Cell Phone Use in Pregnancy Linked to Behavior Problems

Yet another study has emerged on the health effects of cell phone radiation. Researchers at the Yale School of Medicine have found that exposing pregnant mice to radio-frequency radiation from cellular telephones negatively affected the behavior of their offspring.


The study’s authors are calling it the first experimental evidence that fetal exposure to cell phone radiation affects adult behavior. Prior cell phone research has focused mainly on the potential cancer risk that arises when body tissues absorb the radiation that the phones emit. Findings in that area have been inconsistent and several U.S. agencies – including the National Institute of Environmental Health Sciences, the Food and Drug Administration and the Centers for Disease Control – maintain that current science doesn’t conclusively prove any cancer risk from cell phone use.


In the pregnancy study, scientists exposed mice to radiation from a muted, silenced cell phone placed on an active call for the entire 19 days of their pregnancy. A control group of mice were kept under the same conditions but with the phone deactivated. The mice gave birth and when their mouse pups grew up, those exposed to radiation as fetuses tended to be more hyperactive and had higher levels of anxiety and lower memory capacity. The researchers theorize that this is because the radiation changed development of the prefrontal cortex regions of the mice’s brains – the part that regulates decision-making and moderates social behavior.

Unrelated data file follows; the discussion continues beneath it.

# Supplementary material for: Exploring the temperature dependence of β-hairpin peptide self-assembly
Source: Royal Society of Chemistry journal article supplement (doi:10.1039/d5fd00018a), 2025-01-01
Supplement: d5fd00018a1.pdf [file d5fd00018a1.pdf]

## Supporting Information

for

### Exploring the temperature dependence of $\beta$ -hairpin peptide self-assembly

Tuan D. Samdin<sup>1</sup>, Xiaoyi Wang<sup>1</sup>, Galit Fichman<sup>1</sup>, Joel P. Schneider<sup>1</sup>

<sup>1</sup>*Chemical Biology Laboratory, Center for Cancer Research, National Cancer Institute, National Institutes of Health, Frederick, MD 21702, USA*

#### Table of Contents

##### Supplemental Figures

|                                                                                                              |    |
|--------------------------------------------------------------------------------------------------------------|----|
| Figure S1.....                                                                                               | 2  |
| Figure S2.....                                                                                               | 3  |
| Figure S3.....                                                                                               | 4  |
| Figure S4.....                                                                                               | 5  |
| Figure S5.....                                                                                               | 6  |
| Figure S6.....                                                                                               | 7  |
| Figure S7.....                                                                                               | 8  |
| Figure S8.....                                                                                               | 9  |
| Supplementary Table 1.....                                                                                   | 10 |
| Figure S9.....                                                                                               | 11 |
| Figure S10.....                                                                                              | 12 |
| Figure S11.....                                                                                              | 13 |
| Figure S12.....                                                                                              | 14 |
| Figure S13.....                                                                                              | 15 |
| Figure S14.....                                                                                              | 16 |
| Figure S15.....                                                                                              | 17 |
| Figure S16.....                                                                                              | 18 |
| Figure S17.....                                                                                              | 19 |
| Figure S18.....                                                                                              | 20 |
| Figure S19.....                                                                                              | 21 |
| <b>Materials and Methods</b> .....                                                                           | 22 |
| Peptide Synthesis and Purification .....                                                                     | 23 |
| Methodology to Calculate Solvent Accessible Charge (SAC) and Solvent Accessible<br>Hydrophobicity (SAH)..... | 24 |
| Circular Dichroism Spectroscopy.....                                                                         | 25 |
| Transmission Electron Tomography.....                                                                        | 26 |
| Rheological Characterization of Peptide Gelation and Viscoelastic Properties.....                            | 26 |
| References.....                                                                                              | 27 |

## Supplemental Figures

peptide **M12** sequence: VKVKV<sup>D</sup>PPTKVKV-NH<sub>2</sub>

ADHD in human children is associated with changes in the same brain.


But they emphasize that mice are not humans. Mice are born with less-developed brains than are human babies, and further experiments are needed.


The study results are published in a recent issue of Scientific Reports, a Nature publication.


– Christina Elston 

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